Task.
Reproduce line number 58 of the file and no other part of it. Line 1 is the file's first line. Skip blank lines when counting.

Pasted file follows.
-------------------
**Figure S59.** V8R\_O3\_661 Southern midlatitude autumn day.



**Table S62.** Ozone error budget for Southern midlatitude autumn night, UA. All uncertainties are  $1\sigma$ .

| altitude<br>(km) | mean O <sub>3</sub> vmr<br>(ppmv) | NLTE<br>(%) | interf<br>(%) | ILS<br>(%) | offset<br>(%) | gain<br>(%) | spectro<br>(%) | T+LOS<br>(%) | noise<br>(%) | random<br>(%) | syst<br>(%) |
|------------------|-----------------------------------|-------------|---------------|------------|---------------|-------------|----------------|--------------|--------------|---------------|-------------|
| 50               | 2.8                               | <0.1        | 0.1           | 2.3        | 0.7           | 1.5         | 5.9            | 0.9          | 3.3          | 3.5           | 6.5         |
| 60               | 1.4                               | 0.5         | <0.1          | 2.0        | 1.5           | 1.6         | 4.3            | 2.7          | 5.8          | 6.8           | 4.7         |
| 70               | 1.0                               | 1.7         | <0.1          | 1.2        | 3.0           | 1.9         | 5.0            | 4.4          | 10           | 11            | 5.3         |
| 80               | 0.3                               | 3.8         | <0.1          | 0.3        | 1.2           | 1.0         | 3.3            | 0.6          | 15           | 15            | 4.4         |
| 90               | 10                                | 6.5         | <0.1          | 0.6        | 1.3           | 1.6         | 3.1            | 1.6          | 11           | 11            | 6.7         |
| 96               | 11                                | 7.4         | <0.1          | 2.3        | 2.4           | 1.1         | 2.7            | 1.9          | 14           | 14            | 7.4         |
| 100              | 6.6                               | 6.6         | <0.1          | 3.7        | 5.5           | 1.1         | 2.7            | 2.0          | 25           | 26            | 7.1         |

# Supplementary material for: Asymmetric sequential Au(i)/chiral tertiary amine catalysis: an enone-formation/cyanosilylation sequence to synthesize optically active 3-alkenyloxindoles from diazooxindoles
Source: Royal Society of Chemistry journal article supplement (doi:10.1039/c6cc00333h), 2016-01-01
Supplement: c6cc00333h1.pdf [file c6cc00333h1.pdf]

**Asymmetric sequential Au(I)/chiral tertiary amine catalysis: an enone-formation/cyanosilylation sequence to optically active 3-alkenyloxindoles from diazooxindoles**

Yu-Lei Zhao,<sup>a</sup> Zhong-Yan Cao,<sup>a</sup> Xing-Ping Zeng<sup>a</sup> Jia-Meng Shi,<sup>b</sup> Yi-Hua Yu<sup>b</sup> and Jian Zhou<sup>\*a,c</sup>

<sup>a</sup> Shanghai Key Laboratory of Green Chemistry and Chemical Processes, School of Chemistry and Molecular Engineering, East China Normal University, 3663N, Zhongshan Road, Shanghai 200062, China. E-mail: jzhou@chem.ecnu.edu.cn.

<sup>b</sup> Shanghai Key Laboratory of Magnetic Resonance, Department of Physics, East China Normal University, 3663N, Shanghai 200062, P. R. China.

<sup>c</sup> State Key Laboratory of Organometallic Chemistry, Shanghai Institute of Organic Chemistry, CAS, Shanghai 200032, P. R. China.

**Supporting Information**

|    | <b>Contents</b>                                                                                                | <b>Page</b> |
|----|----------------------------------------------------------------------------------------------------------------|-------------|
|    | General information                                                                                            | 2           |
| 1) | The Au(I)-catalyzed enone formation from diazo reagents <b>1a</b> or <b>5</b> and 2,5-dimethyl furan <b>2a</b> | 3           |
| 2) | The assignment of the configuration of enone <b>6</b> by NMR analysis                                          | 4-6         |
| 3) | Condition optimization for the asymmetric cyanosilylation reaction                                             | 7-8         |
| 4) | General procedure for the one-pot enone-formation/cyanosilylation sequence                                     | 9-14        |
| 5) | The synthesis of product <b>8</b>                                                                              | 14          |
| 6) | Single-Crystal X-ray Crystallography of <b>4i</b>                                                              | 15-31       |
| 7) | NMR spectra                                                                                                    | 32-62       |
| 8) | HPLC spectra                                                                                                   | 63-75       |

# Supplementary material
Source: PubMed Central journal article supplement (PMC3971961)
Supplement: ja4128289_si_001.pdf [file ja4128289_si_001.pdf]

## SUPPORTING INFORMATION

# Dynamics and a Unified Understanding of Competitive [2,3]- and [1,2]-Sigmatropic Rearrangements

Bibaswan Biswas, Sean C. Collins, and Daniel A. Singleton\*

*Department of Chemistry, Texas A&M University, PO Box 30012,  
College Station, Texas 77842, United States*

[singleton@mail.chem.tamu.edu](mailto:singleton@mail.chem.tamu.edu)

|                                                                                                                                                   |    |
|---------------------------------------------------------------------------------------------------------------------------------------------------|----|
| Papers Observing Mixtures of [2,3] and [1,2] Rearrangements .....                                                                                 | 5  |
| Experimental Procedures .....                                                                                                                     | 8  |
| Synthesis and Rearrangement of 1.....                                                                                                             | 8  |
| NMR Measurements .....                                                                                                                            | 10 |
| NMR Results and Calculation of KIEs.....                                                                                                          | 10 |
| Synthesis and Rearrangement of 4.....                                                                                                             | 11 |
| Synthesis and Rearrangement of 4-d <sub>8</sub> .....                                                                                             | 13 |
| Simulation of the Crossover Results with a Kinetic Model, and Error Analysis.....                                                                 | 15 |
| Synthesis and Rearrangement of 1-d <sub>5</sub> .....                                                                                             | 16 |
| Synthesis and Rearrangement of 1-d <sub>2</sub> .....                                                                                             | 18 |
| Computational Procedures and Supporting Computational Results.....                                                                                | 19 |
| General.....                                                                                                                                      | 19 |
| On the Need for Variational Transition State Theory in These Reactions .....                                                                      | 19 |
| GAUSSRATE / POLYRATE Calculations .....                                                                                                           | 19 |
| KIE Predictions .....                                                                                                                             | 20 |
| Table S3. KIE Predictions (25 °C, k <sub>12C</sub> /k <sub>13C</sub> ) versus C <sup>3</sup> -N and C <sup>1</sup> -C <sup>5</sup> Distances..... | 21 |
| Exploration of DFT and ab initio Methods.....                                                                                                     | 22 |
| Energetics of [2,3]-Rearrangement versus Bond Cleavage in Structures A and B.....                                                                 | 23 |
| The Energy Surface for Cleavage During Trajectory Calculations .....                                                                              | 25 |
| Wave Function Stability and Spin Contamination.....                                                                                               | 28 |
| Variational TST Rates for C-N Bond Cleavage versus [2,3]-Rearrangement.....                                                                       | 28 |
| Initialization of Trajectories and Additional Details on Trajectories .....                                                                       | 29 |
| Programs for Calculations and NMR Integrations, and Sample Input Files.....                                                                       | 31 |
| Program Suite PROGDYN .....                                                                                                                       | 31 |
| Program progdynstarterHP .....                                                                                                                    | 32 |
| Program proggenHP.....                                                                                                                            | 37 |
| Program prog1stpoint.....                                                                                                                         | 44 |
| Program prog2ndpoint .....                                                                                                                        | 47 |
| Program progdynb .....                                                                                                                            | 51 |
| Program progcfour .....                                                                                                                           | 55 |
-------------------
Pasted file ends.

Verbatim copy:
| Table S3. KIE Predictions (25 °C, k <sub>12C</sub> /k <sub>13C</sub> ) versus C <sup>3</sup> -N and C <sup>1</sup> -C <sup>5</sup> Distances..... | 21 |